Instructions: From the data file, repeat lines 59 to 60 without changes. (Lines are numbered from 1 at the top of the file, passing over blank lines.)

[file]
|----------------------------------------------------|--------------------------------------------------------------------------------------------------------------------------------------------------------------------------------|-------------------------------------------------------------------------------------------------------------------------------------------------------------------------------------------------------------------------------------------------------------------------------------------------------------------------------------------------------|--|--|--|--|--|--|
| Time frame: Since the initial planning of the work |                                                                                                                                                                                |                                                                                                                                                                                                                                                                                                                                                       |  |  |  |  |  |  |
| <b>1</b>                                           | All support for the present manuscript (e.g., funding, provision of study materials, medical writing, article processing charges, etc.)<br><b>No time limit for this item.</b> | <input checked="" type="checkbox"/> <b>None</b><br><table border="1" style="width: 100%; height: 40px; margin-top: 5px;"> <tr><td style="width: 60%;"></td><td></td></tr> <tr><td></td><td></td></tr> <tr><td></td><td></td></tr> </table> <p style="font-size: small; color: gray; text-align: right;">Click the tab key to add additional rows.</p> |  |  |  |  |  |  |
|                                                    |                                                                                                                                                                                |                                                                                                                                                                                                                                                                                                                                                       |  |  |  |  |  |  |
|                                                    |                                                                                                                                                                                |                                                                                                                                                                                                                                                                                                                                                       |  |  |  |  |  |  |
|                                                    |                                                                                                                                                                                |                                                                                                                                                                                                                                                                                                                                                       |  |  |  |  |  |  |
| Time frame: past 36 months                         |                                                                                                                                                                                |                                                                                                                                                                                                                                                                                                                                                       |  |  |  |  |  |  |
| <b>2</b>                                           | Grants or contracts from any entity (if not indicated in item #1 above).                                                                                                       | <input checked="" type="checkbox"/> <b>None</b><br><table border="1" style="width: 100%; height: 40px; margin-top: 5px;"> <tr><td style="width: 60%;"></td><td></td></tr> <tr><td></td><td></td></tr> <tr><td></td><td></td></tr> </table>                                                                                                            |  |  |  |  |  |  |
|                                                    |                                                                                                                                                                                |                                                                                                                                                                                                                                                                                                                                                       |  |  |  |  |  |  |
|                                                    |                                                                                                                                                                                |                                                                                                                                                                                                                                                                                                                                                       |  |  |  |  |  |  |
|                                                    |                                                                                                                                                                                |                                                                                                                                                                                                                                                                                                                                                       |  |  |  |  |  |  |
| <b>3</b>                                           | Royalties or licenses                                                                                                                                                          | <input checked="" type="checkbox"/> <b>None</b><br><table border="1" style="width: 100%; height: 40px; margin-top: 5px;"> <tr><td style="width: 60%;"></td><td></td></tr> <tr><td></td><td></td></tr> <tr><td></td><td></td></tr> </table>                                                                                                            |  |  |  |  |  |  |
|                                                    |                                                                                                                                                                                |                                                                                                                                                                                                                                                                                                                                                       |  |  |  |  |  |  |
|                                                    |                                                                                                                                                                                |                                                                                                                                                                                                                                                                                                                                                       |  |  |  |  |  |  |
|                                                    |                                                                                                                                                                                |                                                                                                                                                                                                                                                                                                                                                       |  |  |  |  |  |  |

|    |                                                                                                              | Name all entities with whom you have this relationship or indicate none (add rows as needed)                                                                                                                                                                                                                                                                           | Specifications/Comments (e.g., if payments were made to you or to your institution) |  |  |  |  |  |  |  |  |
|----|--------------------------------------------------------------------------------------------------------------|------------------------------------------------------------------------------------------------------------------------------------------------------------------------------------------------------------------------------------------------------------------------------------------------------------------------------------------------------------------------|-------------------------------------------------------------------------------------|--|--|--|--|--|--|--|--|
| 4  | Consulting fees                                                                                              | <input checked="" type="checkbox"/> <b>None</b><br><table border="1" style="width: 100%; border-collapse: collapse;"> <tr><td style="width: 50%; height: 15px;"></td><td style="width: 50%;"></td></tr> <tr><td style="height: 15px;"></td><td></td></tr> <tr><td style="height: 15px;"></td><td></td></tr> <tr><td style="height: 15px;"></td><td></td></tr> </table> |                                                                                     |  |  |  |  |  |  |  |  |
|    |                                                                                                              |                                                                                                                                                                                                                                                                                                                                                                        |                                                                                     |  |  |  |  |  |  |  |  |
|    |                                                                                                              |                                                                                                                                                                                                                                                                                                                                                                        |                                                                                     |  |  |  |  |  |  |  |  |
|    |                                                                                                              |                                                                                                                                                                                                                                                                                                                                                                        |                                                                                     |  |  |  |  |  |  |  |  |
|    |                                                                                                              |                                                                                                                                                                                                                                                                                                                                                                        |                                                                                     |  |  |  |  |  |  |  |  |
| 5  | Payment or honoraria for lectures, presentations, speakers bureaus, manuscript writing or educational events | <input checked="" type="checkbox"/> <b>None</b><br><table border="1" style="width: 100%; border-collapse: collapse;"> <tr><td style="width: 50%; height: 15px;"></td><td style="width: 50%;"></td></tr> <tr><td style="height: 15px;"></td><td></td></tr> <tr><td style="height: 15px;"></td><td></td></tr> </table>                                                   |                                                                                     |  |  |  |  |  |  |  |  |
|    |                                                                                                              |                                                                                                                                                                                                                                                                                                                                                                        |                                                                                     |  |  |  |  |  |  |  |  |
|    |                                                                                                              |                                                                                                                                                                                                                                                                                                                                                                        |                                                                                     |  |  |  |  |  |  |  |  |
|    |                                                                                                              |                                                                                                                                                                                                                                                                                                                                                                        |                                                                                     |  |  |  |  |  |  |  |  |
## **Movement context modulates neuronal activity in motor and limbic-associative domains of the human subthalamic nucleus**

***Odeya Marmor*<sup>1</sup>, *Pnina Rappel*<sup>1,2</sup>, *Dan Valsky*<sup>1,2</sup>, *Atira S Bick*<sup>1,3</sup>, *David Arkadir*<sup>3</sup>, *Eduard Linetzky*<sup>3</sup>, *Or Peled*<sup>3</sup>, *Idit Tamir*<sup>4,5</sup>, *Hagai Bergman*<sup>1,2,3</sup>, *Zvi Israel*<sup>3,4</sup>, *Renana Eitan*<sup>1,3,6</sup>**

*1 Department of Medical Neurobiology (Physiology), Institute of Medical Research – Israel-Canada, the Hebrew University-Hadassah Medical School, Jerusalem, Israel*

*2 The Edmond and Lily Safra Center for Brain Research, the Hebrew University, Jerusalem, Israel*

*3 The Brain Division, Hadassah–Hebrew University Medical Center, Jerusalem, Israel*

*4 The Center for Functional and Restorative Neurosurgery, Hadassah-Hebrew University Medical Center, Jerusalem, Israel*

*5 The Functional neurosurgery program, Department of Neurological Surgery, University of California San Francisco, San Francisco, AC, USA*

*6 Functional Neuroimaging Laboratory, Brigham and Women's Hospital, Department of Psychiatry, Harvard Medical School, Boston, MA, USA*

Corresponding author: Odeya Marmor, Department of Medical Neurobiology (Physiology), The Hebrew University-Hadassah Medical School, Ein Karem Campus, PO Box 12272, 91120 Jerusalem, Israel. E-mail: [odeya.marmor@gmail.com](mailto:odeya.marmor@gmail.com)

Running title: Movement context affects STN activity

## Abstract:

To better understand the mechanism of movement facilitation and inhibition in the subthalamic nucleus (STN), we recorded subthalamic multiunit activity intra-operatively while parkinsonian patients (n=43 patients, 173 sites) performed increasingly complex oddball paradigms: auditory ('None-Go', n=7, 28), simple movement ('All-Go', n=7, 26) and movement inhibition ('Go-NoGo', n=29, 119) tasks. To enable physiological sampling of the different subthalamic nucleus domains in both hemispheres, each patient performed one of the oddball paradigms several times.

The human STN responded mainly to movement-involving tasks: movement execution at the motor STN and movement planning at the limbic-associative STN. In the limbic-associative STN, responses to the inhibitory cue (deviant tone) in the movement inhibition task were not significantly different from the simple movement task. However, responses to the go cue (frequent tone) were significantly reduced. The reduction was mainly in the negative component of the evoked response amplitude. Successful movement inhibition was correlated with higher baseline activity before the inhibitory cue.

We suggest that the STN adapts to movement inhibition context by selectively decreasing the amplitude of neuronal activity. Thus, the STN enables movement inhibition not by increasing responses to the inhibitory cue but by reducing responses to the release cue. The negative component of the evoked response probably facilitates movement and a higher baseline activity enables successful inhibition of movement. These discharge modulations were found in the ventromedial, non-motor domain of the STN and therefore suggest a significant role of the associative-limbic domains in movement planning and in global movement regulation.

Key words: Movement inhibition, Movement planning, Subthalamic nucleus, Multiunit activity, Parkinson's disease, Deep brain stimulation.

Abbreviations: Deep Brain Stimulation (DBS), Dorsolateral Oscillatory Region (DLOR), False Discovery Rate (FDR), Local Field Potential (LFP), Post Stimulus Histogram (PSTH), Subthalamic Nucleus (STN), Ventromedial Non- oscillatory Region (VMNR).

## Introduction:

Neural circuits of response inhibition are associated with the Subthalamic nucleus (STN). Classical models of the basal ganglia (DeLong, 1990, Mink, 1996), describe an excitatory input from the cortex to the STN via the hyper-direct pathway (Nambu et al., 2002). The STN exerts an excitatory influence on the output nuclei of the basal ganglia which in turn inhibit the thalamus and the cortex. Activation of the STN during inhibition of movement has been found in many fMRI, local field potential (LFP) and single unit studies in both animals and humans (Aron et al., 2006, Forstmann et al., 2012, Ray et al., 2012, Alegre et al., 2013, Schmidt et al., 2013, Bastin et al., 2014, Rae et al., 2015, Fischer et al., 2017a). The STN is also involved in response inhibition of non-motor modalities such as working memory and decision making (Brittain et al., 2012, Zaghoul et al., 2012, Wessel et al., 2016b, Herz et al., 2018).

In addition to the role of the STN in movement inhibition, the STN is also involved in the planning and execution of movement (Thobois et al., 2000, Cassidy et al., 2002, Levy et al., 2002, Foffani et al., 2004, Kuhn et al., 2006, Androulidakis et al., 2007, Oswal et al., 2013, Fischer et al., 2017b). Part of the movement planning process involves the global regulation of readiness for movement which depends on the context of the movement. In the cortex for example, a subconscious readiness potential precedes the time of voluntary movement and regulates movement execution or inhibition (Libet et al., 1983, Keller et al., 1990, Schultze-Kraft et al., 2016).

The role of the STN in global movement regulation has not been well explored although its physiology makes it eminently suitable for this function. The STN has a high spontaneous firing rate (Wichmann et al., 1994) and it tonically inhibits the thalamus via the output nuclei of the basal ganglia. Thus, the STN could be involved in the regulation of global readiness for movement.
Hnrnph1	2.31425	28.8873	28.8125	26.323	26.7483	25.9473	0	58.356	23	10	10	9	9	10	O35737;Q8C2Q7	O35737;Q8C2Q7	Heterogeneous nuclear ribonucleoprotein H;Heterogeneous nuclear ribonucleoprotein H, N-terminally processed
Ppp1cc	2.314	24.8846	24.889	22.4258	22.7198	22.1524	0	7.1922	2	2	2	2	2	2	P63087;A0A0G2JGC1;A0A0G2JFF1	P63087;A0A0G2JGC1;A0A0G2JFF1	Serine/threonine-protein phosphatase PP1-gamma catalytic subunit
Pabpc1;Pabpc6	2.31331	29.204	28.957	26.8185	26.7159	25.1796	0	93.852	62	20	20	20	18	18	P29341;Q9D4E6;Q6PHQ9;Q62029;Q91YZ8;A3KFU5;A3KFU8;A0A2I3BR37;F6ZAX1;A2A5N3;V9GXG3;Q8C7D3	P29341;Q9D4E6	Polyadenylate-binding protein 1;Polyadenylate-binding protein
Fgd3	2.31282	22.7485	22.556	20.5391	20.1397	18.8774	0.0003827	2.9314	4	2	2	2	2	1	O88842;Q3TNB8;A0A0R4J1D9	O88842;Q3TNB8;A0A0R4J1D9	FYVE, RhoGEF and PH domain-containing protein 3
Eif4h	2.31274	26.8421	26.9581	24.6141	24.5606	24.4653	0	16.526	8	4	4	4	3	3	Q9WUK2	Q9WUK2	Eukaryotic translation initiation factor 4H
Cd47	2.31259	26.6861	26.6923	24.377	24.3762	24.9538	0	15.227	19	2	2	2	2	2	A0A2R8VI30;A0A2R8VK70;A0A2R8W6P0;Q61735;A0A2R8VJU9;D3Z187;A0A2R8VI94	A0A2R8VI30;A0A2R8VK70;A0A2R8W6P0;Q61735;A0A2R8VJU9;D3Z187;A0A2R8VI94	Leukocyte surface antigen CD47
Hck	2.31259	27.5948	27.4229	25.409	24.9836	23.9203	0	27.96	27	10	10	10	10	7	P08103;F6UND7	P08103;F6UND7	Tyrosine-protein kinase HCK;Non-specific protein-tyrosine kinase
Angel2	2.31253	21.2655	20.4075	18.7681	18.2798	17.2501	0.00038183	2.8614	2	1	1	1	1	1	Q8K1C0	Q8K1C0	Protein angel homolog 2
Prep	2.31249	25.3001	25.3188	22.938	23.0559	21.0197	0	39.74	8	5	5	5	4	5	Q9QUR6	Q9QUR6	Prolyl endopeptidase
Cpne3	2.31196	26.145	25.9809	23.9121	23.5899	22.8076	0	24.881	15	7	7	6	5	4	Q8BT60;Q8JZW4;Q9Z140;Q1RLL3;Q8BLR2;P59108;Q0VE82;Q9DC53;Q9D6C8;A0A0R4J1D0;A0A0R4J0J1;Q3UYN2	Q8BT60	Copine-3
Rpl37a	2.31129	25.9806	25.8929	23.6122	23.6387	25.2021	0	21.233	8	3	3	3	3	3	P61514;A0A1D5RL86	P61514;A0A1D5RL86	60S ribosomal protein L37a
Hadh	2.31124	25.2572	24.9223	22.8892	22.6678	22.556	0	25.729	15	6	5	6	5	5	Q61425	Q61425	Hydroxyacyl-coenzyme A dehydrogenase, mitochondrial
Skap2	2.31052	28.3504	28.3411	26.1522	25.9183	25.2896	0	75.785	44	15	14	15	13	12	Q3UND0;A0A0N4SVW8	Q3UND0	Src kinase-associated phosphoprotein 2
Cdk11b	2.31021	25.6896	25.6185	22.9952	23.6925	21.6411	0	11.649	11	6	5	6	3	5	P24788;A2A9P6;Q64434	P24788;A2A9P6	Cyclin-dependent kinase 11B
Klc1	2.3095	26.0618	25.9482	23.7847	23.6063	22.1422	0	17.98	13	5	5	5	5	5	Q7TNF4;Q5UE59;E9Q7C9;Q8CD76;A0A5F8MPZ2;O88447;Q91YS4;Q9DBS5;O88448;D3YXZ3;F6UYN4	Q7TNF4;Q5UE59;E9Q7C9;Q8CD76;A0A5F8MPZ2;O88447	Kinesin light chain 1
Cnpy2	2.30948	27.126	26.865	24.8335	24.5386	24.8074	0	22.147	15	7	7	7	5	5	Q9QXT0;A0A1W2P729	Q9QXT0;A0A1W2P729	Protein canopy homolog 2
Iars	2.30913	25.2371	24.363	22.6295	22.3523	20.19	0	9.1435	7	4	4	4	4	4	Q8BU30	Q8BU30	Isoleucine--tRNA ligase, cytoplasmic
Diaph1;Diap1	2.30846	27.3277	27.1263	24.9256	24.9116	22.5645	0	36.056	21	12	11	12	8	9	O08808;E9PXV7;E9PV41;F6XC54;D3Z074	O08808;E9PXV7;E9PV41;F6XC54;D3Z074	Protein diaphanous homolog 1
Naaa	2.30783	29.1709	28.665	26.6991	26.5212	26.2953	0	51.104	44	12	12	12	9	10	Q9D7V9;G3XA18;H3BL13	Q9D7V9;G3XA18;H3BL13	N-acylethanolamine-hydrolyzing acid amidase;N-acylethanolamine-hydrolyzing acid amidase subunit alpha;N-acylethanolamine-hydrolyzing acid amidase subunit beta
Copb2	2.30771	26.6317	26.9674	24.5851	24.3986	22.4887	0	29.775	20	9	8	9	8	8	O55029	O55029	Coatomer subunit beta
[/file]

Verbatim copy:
Skap2	2.31052	28.3504	28.3411	26.1522	25.9183	25.2896	0	75.785	44	15	14	15	13	12	Q3UND0;A0A0N4SVW8	Q3UND0	Src kinase-associated phosphoprotein 2
Cdk11b	2.31021	25.6896	25.6185	22.9952	23.6925	21.6411	0	11.649	11	6	5	6	3	5	P24788;A2A9P6;Q64434	P24788;A2A9P6	Cyclin-dependent kinase 11B